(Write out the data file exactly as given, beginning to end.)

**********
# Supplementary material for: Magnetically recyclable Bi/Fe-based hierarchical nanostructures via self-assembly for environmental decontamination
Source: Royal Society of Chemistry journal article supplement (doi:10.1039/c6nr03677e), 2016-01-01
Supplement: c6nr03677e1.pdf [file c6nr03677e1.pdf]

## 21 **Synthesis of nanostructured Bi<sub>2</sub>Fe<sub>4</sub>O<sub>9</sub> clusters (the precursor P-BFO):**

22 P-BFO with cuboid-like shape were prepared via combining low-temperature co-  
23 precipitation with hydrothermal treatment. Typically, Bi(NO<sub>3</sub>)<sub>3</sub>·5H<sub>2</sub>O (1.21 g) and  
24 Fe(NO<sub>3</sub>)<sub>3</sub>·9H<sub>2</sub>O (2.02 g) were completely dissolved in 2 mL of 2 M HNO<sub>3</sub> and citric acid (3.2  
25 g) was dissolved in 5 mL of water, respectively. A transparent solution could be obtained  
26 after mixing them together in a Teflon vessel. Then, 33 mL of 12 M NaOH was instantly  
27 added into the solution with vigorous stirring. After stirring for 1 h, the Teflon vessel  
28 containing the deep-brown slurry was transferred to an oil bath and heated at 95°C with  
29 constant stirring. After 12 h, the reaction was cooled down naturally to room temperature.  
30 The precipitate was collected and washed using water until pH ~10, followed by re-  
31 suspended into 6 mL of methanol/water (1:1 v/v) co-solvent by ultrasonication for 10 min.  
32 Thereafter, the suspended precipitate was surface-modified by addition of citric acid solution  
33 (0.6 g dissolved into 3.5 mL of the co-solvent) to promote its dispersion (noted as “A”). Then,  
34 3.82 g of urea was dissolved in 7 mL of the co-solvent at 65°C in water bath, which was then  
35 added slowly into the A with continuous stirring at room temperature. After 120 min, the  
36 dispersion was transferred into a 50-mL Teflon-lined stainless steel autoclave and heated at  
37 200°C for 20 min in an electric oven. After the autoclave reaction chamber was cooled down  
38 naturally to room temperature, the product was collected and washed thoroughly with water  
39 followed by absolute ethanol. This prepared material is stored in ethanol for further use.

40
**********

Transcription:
# Supplementary material for: Magnetically recyclable Bi/Fe-based hierarchical nanostructures via self-assembly for environmental decontamination
Source: Royal Society of Chemistry journal article supplement (doi:10.1039/c6nr03677e), 2016-01-01
Supplement: c6nr03677e1.pdf [file c6nr03677e1.pdf]

## 21 **Synthesis of nanostructured Bi<sub>2</sub>Fe<sub>4</sub>O<sub>9</sub> clusters (the precursor P-BFO):**

22 P-BFO with cuboid-like shape were prepared via combining low-temperature co-  
23 precipitation with hydrothermal treatment. Typically, Bi(NO<sub>3</sub>)<sub>3</sub>·5H<sub>2</sub>O (1.21 g) and  
24 Fe(NO<sub>3</sub>)<sub>3</sub>·9H<sub>2</sub>O (2.02 g) were completely dissolved in 2 mL of 2 M HNO<sub>3</sub> and citric acid (3.2  
25 g) was dissolved in 5 mL of water, respectively. A transparent solution could be obtained  
26 after mixing them together in a Teflon vessel. Then, 33 mL of 12 M NaOH was instantly  
27 added into the solution with vigorous stirring. After stirring for 1 h, the Teflon vessel  
28 containing the deep-brown slurry was transferred to an oil bath and heated at 95°C with  
29 constant stirring. After 12 h, the reaction was cooled down naturally to room temperature.  
30 The precipitate was collected and washed using water until pH ~10, followed by re-  
31 suspended into 6 mL of methanol/water (1:1 v/v) co-solvent by ultrasonication for 10 min.  
32 Thereafter, the suspended precipitate was surface-modified by addition of citric acid solution  
33 (0.6 g dissolved into 3.5 mL of the co-solvent) to promote its dispersion (noted as “A”). Then,  
34 3.82 g of urea was dissolved in 7 mL of the co-solvent at 65°C in water bath, which was then  
35 added slowly into the A with continuous stirring at room temperature. After 120 min, the  
36 dispersion was transferred into a 50-mL Teflon-lined stainless steel autoclave and heated at  
37 200°C for 20 min in an electric oven. After the autoclave reaction chamber was cooled down  
38 naturally to room temperature, the product was collected and washed thoroughly with water  
39 followed by absolute ethanol. This prepared material is stored in ethanol for further use.

40